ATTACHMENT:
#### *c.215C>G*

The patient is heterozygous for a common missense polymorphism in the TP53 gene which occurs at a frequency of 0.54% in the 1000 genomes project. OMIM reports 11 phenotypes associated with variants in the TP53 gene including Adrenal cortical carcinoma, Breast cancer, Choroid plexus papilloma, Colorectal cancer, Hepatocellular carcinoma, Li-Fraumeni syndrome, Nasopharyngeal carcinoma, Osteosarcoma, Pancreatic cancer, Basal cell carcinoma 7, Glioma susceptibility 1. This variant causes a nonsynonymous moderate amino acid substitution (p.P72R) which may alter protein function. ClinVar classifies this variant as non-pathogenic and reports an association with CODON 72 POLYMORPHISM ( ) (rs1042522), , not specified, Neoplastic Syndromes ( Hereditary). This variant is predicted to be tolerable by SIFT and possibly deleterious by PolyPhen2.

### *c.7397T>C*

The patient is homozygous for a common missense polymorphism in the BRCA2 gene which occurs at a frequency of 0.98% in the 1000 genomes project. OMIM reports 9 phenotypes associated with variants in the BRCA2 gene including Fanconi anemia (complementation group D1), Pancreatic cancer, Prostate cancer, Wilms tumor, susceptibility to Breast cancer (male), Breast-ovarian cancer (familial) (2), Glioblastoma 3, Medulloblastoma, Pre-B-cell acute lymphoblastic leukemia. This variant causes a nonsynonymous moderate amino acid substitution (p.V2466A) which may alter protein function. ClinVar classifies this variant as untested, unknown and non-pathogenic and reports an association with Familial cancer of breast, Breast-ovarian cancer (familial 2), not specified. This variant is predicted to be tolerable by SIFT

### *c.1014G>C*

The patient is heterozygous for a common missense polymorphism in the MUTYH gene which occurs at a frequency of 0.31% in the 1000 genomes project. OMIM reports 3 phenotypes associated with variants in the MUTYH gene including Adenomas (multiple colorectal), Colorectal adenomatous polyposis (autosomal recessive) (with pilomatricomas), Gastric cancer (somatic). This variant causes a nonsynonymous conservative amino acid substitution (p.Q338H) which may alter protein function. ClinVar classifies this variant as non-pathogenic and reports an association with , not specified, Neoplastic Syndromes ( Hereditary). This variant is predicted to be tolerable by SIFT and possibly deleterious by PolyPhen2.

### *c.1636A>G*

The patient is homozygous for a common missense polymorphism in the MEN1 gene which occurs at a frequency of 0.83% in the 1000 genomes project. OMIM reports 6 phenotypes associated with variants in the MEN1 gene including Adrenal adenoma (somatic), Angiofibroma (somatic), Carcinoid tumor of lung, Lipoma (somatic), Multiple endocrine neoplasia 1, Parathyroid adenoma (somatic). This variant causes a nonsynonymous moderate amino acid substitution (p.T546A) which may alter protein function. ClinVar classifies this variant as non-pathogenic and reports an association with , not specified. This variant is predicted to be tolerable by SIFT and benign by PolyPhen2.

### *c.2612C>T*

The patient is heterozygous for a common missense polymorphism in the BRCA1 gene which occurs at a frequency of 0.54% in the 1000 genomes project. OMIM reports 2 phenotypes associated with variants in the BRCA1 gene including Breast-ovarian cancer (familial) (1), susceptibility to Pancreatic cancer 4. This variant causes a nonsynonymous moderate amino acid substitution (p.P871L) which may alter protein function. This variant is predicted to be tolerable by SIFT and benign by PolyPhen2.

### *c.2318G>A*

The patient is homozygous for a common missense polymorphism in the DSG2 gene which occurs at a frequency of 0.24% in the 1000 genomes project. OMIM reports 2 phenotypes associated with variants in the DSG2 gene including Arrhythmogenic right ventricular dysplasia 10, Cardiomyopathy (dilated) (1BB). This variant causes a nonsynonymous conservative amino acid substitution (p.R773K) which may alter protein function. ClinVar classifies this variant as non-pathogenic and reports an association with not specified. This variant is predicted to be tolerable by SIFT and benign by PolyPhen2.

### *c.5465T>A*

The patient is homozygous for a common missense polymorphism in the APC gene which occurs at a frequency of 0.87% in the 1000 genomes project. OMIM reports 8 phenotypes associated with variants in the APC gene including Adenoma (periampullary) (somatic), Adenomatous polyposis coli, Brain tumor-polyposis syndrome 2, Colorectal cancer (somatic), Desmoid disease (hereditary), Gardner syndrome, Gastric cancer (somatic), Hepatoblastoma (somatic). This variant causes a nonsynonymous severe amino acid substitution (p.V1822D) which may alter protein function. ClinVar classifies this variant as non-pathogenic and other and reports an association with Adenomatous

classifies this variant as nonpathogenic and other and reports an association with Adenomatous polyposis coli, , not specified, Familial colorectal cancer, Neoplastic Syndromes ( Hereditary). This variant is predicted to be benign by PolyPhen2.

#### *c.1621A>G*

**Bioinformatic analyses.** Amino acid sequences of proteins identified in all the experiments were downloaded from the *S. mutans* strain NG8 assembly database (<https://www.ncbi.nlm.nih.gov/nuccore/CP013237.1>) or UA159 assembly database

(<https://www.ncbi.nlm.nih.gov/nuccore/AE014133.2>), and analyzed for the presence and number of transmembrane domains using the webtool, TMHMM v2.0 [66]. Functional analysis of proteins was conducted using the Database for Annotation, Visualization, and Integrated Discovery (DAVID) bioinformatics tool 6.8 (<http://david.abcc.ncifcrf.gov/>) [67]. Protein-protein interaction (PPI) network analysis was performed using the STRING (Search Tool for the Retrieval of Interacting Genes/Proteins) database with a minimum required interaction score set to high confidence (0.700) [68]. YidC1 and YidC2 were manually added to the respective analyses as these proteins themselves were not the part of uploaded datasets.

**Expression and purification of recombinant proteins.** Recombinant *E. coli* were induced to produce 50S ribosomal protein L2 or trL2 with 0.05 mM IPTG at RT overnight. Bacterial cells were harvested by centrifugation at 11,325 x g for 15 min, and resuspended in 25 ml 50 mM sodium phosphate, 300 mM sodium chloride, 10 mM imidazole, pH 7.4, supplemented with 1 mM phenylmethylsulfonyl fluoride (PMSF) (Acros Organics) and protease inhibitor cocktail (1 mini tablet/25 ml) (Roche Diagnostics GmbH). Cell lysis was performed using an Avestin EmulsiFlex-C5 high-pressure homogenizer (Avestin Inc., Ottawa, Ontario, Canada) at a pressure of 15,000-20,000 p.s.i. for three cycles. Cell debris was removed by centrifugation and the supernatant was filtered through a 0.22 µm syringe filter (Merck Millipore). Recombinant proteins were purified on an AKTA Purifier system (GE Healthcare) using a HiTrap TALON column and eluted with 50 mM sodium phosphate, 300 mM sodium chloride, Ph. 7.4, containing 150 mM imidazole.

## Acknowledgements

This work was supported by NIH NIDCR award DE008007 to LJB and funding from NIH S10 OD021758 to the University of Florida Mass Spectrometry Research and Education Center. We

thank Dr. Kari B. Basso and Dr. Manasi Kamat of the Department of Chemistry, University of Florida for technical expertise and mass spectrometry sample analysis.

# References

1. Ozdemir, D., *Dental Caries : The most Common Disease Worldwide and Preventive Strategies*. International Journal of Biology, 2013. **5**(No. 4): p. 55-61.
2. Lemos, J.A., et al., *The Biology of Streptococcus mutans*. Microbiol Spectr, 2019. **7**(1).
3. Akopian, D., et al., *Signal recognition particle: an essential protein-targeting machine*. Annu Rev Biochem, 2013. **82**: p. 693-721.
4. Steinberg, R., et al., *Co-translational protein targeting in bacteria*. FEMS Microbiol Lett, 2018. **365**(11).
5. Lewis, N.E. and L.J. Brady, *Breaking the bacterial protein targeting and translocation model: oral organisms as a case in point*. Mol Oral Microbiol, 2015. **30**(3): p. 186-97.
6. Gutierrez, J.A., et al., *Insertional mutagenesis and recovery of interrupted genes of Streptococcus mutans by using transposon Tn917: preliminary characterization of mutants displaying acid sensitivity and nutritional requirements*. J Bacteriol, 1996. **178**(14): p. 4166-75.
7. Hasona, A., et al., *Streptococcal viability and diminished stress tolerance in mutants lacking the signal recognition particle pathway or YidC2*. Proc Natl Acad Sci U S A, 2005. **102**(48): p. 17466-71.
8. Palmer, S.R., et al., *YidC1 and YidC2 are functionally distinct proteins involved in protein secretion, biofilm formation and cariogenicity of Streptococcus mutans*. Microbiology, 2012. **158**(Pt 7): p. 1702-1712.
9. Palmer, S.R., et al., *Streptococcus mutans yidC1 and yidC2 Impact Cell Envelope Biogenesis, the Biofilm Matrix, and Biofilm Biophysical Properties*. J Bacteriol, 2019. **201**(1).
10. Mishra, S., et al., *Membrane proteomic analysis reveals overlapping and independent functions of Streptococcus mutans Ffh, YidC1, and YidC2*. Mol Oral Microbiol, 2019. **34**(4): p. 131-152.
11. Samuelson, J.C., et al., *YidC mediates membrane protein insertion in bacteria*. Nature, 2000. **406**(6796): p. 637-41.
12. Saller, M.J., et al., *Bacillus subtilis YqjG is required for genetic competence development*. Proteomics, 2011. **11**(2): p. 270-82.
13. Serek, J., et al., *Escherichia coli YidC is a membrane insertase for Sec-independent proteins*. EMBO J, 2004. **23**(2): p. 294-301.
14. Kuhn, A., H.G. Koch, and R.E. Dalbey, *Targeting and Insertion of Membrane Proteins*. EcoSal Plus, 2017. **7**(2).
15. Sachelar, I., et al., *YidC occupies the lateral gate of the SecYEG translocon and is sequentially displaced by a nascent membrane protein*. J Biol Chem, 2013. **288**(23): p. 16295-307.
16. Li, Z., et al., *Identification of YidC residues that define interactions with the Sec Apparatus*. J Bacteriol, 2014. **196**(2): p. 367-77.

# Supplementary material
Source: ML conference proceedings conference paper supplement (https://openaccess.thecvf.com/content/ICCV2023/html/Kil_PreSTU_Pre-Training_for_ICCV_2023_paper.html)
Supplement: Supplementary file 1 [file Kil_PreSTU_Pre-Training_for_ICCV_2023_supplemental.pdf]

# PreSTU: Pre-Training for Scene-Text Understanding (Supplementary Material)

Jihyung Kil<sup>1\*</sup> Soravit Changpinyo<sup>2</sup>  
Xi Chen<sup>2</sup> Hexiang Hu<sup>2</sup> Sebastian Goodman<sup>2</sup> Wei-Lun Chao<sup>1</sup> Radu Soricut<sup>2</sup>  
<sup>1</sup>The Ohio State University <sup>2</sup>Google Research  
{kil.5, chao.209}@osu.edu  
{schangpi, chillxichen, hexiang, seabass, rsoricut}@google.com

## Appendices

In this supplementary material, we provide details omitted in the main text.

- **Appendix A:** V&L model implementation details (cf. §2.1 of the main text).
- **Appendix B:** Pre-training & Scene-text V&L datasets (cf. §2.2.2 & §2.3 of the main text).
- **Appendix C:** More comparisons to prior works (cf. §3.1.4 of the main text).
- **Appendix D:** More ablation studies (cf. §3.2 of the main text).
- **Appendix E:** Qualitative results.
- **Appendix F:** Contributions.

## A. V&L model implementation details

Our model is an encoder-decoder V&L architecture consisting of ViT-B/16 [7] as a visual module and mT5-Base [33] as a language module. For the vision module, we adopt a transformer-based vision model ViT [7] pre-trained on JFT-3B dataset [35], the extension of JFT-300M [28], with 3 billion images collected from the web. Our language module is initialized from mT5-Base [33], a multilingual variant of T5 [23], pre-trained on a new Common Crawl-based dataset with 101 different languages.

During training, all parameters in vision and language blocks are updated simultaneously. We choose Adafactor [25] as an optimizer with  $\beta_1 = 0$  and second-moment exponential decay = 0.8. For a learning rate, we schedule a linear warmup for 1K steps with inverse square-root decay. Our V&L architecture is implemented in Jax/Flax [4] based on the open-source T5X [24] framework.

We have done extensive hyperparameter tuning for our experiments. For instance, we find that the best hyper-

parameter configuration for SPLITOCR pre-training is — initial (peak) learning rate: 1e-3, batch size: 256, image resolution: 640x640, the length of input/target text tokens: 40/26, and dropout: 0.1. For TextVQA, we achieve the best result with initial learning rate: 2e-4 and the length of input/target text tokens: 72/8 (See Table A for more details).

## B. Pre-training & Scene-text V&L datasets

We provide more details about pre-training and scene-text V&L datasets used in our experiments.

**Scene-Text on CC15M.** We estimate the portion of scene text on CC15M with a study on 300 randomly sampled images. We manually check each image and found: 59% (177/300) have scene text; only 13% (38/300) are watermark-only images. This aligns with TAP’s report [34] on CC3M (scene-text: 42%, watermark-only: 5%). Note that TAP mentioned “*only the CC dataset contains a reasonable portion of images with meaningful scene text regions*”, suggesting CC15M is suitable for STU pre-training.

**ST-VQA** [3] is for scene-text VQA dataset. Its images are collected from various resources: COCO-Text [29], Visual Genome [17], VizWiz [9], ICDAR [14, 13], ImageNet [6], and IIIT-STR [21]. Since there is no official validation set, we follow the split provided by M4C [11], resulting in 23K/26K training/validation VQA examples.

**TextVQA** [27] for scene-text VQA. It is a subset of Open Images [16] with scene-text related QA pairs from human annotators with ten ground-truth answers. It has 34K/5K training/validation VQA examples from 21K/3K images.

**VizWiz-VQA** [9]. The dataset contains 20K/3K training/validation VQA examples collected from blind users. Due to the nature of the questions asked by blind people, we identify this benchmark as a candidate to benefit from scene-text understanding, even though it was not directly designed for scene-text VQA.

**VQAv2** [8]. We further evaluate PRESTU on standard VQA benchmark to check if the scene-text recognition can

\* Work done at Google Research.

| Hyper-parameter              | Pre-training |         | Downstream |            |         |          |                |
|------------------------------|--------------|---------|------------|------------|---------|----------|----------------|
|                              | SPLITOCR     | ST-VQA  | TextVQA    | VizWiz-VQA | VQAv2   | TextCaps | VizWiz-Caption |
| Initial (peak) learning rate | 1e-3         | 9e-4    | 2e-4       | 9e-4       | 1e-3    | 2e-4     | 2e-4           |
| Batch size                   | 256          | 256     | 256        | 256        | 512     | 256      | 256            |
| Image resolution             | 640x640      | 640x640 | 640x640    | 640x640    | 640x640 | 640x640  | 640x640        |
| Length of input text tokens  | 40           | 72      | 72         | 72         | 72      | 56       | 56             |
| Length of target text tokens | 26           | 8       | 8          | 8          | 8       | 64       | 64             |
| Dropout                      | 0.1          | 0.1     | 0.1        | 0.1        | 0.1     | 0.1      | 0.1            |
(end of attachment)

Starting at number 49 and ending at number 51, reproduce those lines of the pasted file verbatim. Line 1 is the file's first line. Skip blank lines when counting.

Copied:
## Appendices

In this supplementary material, we provide details omitted in the main text.

- **Appendix A:** V&L model implementation details (cf. §2.1 of the main text).